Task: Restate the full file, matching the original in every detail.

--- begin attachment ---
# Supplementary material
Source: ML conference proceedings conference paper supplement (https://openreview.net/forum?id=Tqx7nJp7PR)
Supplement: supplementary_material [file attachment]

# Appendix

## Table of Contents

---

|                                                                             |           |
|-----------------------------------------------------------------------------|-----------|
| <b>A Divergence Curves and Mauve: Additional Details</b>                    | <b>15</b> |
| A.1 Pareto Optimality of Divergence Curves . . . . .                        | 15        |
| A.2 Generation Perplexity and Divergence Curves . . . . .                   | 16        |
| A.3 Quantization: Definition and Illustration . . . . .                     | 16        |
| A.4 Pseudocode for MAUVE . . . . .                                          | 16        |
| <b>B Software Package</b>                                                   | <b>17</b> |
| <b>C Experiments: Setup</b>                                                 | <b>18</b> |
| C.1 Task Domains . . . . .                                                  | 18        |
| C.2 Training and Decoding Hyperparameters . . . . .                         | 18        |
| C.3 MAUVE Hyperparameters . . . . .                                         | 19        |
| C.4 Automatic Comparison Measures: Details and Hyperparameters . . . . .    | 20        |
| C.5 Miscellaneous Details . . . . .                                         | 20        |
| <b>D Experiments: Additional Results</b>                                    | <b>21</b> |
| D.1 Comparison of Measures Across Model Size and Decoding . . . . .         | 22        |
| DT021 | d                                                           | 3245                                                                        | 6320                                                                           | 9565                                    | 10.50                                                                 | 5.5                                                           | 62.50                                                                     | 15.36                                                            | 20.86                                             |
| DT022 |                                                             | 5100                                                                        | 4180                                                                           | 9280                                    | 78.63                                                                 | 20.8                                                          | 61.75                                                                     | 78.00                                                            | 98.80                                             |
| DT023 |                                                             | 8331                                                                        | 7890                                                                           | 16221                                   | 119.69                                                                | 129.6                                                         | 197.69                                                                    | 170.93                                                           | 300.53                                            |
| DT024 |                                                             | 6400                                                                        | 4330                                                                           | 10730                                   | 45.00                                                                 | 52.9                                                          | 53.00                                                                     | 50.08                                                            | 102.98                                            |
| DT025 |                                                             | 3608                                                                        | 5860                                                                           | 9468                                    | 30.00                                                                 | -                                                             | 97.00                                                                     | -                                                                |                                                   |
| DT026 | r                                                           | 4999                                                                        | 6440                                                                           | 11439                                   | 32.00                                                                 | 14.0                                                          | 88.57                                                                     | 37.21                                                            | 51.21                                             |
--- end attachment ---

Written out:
# Supplementary material
Source: ML conference proceedings conference paper supplement (https://openreview.net/forum?id=Tqx7nJp7PR)
Supplement: supplementary_material [file attachment]

# Appendix

## Table of Contents

---

|                                                                             |           |
|-----------------------------------------------------------------------------|-----------|
| <b>A Divergence Curves and Mauve: Additional Details</b>                    | <b>15</b> |
| A.1 Pareto Optimality of Divergence Curves . . . . .                        | 15        |
| A.2 Generation Perplexity and Divergence Curves . . . . .                   | 16        |
| A.3 Quantization: Definition and Illustration . . . . .                     | 16        |
| A.4 Pseudocode for MAUVE . . . . .                                          | 16        |
| <b>B Software Package</b>                                                   | <b>17</b> |
| <b>C Experiments: Setup</b>                                                 | <b>18</b> |
| C.1 Task Domains . . . . .                                                  | 18        |
| C.2 Training and Decoding Hyperparameters . . . . .                         | 18        |
| C.3 MAUVE Hyperparameters . . . . .                                         | 19        |
| C.4 Automatic Comparison Measures: Details and Hyperparameters . . . . .    | 20        |
| C.5 Miscellaneous Details . . . . .                                         | 20        |
| <b>D Experiments: Additional Results</b>                                    | <b>21</b> |
| D.1 Comparison of Measures Across Model Size and Decoding . . . . .         | 22        |
| DT021 | d                                                           | 3245                                                                        | 6320                                                                           | 9565                                    | 10.50                                                                 | 5.5                                                           | 62.50                                                                     | 15.36                                                            | 20.86                                             |
| DT022 |                                                             | 5100                                                                        | 4180                                                                           | 9280                                    | 78.63                                                                 | 20.8                                                          | 61.75                                                                     | 78.00                                                            | 98.80                                             |
| DT023 |                                                             | 8331                                                                        | 7890                                                                           | 16221                                   | 119.69                                                                | 129.6                                                         | 197.69                                                                    | 170.93                                                           | 300.53                                            |
| DT024 |                                                             | 6400                                                                        | 4330                                                                           | 10730                                   | 45.00                                                                 | 52.9                                                          | 53.00                                                                     | 50.08                                                            | 102.98                                            |
| DT025 |                                                             | 3608                                                                        | 5860                                                                           | 9468                                    | 30.00                                                                 | -                                                             | 97.00                                                                     | -                                                                |                                                   |
| DT026 | r                                                           | 4999                                                                        | 6440                                                                           | 11439                                   | 32.00                                                                 | 14.0                                                          | 88.57                                                                     | 37.21                                                            | 51.21                                             |